Science Says You Can Judge a Man's Intelligence Based on His Looks, But How Exactly?
We've all been warned not to "judge a book by its cover." And that's certainly true! But here is some perhaps politically incorrect news: Smart people do sometimes really look smarter. Let me explain: As reported in Pacific Standard, researchers in Prague have found that, at least when it comes to Czech men, experiment participants can accurately judge their intelligence based on their looks. I'll let Pacific Standard elaborate:
The study featured 160 participants who looked at photographs of 80 Czech university students (40 men and 40 women). The images were close-ups of the students’ faces, which featured a neutral, non-smiling expression, and were devoid of jewelry and cosmetics. Each of the pictured students completed a Czech version of the Intelligence Structure Test, which utilizes a variety of tools to measure different types of intelligence (including IQ).
Using as much time as needed, each participant rated all 80 faces for either intelligence or attractiveness, using a one-to-seven (highest to lowest) scale. The researchers then averaged the intelligence and attractiveness scores each student received. “Our raters (men and women alike) were able to estimate intelligence with an accuracy higher than chance from static facial photographs of men, but not from photos of women,” the researchers report.
So what are people picking up on, exactly? That remains unclear, because the particular facial features that participants associated with intelligence (e.g. long face shape, large nose, distance between the eyes, sharp chin) actually don't themselves correlate with intelligence test scores.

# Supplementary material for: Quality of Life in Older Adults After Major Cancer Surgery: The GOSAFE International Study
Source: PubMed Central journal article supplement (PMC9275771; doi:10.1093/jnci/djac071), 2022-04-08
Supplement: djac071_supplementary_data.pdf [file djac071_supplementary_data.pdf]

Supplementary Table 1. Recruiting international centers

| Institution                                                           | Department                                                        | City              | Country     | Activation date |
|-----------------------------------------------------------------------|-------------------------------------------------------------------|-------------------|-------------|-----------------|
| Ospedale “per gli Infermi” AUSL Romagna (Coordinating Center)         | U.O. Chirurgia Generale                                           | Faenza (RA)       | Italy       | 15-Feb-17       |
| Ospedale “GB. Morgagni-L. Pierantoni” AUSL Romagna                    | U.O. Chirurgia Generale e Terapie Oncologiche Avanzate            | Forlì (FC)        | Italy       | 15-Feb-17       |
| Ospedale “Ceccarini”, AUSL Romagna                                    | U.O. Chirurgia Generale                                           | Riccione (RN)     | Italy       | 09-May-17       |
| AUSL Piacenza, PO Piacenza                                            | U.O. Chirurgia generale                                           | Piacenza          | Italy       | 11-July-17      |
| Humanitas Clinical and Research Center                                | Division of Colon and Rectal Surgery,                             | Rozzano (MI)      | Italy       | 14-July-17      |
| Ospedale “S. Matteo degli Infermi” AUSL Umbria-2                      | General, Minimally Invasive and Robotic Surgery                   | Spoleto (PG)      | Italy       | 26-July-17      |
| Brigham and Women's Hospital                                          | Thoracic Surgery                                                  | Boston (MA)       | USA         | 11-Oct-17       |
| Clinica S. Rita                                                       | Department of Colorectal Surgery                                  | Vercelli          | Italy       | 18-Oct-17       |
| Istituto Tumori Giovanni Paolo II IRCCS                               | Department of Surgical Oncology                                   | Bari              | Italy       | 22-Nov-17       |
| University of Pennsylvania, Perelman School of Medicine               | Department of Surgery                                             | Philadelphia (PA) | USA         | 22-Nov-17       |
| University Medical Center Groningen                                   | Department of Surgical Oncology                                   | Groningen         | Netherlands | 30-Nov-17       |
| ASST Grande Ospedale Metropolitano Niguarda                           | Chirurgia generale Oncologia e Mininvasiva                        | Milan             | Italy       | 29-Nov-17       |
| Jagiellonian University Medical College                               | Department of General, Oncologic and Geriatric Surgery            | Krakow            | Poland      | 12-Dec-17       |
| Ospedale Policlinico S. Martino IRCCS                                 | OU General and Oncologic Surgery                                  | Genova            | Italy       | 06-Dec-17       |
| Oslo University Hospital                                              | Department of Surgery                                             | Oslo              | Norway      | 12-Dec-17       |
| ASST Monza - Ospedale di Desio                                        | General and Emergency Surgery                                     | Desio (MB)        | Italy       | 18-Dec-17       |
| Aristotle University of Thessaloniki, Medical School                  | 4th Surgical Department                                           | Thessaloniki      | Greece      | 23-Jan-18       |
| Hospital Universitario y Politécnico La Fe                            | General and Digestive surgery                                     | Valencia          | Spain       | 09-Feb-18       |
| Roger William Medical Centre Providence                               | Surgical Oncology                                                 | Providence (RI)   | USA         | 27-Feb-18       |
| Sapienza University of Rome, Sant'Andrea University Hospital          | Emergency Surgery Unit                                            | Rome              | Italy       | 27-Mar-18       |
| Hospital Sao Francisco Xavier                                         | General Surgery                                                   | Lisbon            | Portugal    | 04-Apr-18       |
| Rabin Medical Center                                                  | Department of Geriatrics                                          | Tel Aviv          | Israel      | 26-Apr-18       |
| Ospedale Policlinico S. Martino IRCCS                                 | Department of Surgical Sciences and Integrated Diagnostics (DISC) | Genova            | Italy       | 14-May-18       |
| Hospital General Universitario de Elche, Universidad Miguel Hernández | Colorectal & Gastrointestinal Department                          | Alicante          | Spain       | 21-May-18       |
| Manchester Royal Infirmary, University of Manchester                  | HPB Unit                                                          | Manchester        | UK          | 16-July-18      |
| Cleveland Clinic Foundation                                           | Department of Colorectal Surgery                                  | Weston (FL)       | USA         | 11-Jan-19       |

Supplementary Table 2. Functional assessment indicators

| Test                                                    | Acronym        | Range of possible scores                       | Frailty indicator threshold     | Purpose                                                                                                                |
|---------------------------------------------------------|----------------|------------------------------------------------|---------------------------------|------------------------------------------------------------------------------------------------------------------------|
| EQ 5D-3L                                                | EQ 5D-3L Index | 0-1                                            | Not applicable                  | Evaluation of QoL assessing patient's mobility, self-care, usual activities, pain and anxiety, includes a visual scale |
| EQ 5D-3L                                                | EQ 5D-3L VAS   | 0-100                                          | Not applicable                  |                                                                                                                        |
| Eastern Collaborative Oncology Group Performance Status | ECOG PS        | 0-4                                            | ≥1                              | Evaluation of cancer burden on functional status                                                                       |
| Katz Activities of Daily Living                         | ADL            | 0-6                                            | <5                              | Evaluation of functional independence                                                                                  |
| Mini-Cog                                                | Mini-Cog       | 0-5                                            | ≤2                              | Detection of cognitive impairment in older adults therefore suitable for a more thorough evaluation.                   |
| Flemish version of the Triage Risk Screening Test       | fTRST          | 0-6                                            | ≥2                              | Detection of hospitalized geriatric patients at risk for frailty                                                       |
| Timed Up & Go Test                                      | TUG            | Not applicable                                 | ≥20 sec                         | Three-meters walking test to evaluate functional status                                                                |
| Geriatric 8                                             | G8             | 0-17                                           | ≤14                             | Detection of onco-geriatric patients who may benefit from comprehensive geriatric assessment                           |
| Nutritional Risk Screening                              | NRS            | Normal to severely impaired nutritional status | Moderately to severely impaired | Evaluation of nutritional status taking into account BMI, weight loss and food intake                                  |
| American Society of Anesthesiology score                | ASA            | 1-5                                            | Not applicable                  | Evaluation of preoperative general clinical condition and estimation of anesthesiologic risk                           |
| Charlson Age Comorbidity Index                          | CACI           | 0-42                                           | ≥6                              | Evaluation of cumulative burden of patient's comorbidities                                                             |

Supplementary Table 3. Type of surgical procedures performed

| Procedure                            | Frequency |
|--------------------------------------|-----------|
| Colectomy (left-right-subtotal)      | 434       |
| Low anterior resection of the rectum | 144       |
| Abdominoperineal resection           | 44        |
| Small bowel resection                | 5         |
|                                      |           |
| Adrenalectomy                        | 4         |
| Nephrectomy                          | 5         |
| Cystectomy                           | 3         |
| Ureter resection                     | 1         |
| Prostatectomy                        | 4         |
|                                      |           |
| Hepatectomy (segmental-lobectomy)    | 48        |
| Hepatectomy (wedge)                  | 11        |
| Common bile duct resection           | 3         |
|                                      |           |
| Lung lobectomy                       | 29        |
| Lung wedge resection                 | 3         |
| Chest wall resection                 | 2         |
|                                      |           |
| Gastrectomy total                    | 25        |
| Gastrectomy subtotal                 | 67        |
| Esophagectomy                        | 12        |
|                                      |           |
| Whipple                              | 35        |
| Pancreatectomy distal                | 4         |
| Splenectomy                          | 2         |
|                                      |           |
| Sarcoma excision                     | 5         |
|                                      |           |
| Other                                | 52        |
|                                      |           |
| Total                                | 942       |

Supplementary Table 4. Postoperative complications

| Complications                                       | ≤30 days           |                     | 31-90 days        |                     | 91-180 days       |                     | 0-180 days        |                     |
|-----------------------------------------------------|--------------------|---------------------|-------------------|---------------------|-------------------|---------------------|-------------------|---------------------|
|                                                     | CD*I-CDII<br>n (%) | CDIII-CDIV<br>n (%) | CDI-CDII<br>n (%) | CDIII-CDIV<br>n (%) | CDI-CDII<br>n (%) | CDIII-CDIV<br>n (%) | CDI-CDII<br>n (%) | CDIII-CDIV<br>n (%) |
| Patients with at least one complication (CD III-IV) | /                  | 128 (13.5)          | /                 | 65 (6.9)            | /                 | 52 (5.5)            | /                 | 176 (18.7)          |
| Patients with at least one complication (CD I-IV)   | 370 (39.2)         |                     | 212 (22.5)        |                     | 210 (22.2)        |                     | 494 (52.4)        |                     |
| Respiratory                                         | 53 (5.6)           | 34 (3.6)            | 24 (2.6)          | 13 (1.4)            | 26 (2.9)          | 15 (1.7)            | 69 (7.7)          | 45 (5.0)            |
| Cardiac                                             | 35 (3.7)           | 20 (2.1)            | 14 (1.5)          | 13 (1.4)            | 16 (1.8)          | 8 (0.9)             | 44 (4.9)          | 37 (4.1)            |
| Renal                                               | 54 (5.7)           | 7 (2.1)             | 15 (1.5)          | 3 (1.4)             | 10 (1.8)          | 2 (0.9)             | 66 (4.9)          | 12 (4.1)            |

Let's not over-hype these findings, though. Rating intelligence using photos with an accuracy level "better than chance" is interesting, but that doesn't tell us much about the actual magnitude of the effect. So we probably shouldn't start judging college or job applicants just by their photos anytime soon.
Plus, interestingly enough, the effect didn't occur for women at all — something about women's faces made experiment participants unable to predict their intelligence from just looking at them in the way that was possible for men. The explanations for this gender difference remain unsatisfying, though: Either something hand-wavey about hormones, or because women are judged so much by their attractiveness that observers can't mentally separate out their intelligence levels. Let's hope the latter "halo effect" explanation turns out to be incorrect: Women sure do have a hard enough time dealing with beauty pressures already.
Image: DOI: 10.1371/journal.pone.0081237 / PLOS ONE